I have begun a chemistry experiment that attempts to determine how iron content in spinach is affected by the length of time it is cooked. Through research, I learned that iron content is often determined through a redox titration with potassium permanganate. I prepared my own spinach extract by mushing, dissolving in acid, and boiling, and titrated it, but I'm getting way larger iron levels than I should be (1 mg as opposed to 0.1). I know that this is because of other metals in the spinach which are also oxidized. How can I narrow this down to just iron levels? Is there some stoichiometry I can use to estimate it? How can I modify my experiment to produce a more reliable trend?

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    $\begingroup$ This does not work as oxidation by permanganate is not specific for iron(II), as many organic compounds from spinach can be oxidized too. $\endgroup$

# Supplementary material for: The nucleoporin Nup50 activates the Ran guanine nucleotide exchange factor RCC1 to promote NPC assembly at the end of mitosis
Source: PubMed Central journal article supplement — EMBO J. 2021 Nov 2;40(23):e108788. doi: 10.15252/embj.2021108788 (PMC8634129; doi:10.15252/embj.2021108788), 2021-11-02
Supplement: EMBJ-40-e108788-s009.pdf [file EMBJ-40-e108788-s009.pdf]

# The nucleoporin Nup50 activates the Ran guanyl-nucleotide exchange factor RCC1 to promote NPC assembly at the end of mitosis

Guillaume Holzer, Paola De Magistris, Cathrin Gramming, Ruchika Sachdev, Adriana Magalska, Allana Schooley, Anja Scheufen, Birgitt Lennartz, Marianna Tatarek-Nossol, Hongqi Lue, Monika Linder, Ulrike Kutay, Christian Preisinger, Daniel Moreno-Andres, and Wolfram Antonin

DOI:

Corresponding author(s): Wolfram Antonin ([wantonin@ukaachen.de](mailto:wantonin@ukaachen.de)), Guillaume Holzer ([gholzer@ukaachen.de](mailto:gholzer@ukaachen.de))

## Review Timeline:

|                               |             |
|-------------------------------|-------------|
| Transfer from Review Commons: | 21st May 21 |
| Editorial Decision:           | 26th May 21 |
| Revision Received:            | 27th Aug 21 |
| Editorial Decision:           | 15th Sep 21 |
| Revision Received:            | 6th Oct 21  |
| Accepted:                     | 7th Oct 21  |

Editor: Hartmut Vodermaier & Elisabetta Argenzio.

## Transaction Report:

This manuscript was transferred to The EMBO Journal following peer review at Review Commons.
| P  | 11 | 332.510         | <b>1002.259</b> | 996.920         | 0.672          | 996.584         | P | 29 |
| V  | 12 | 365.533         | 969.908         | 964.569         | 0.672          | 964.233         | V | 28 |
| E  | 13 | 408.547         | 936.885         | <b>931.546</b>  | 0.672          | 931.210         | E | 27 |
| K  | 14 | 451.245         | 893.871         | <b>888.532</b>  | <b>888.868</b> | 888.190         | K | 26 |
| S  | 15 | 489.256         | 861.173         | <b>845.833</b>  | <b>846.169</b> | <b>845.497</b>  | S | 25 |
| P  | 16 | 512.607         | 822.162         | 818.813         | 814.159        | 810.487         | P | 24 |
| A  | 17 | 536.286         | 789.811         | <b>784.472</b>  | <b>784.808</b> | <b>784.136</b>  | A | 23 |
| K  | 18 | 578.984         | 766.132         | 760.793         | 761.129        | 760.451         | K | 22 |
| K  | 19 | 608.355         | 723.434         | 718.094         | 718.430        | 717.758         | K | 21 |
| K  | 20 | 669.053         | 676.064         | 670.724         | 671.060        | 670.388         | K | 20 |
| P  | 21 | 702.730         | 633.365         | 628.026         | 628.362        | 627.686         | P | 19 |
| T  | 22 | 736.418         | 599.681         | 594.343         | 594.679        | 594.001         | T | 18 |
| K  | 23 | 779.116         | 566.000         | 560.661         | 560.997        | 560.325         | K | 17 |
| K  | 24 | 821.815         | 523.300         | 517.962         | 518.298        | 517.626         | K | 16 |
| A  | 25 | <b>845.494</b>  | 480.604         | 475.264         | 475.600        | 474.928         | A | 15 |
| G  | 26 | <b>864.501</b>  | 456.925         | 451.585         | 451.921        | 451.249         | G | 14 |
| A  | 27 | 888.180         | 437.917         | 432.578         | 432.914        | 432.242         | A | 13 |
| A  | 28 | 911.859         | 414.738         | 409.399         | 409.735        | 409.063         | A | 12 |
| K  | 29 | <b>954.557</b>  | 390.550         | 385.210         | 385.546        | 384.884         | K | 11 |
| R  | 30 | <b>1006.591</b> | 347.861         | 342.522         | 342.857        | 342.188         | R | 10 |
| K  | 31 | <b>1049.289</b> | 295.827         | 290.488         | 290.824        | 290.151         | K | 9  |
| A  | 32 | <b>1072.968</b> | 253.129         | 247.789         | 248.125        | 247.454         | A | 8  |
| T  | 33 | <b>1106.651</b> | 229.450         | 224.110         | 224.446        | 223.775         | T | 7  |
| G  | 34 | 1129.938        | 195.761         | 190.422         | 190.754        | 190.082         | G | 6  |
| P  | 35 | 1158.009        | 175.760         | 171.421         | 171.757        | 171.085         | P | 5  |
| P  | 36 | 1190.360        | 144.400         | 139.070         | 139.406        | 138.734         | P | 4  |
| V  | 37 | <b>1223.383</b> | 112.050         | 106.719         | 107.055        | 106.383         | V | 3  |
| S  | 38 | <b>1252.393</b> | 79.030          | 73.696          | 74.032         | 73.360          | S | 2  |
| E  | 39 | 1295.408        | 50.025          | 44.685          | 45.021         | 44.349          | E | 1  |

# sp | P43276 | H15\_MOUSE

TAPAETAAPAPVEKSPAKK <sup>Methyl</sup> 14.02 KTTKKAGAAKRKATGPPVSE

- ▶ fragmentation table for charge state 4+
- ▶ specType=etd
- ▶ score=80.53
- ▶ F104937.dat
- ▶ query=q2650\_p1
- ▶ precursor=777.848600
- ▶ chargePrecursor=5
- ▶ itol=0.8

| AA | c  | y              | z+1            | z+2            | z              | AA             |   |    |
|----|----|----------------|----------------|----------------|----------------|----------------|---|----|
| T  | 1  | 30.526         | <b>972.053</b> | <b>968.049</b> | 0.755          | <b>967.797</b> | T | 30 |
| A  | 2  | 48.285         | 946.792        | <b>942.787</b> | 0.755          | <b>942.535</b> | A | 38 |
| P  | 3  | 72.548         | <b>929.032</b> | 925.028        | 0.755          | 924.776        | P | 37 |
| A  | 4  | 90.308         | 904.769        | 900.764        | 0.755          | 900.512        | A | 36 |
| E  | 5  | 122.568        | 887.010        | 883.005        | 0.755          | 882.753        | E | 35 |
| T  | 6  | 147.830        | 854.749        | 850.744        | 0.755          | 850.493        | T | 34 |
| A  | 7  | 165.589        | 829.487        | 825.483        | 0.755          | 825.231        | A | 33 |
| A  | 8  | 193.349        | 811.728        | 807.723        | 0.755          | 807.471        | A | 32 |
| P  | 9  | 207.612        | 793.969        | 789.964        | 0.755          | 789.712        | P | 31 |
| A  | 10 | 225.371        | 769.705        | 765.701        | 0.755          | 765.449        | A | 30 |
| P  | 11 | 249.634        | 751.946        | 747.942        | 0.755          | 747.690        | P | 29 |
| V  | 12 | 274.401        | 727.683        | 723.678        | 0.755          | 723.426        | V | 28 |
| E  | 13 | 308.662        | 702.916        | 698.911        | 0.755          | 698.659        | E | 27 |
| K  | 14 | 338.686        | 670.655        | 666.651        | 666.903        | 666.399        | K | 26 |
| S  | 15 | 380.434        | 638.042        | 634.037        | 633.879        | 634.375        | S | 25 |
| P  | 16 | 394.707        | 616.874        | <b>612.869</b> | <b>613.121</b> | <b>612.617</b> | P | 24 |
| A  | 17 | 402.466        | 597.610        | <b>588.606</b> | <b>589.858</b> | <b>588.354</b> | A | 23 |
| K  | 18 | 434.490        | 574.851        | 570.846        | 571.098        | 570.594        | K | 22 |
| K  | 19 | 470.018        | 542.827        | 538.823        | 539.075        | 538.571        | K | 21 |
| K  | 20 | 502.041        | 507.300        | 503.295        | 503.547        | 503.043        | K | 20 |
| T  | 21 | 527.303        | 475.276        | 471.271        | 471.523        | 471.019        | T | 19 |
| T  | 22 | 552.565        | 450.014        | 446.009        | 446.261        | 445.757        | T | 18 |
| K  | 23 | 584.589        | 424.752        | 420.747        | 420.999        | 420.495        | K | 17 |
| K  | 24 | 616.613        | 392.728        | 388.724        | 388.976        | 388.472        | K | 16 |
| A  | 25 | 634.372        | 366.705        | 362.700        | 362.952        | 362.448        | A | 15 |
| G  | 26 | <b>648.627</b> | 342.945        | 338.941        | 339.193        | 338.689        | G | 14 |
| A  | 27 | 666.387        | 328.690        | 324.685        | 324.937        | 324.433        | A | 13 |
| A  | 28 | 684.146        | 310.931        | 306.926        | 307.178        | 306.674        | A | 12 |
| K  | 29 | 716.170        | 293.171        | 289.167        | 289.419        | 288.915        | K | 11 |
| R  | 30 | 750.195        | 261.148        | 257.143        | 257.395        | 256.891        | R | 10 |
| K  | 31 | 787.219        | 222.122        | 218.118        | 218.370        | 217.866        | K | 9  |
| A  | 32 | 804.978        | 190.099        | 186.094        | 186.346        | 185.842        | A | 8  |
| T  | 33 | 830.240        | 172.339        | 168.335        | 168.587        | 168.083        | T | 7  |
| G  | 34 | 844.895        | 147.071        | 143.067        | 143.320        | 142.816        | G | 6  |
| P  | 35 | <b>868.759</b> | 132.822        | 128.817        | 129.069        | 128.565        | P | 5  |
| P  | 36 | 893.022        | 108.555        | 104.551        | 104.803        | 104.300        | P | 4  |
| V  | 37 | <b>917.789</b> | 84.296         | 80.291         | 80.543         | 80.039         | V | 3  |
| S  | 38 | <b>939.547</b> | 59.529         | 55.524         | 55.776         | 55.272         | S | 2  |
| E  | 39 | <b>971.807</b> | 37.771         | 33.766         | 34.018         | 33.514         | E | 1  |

– Poutnik
    Feb 8 at 14:30
  • $\begingroup$ How should cooking change the iron content? $\endgroup$
    – Karl
    Feb 8 at 20:47
  • $\begingroup$ Note that spinach contains oxalates that bind to iron, making determination difficult. Likely, you'd want to calcine the sample, removing organic chemicals. $\endgroup$ Feb 9 at 3:50
  • $\begingroup$ @Karl i plan to test the hypothesis that cooking spinach causes it to leach/lose its iron. cooking for longer periods of time may cause the spinach to lose its iron to the water, or, alternatively, it may begin to break down the oxalates and thus increase the iron content $\endgroup$
    – beebs
    Feb 20 at 16:37
  • $\begingroup$ @DrMoishePippik thanks for your advice. if calcining oxidizes the compound, how would this work with the titration? potassium permanganate is also an oxidizing agent, so if the iron is already oxidized from 2+ to 3+ by the calcification, i can't oxidize it again, right? like do i then have to re-reduce the iron somehow before titrating? $\endgroup$
    – beebs
    Feb 20 at 16:40


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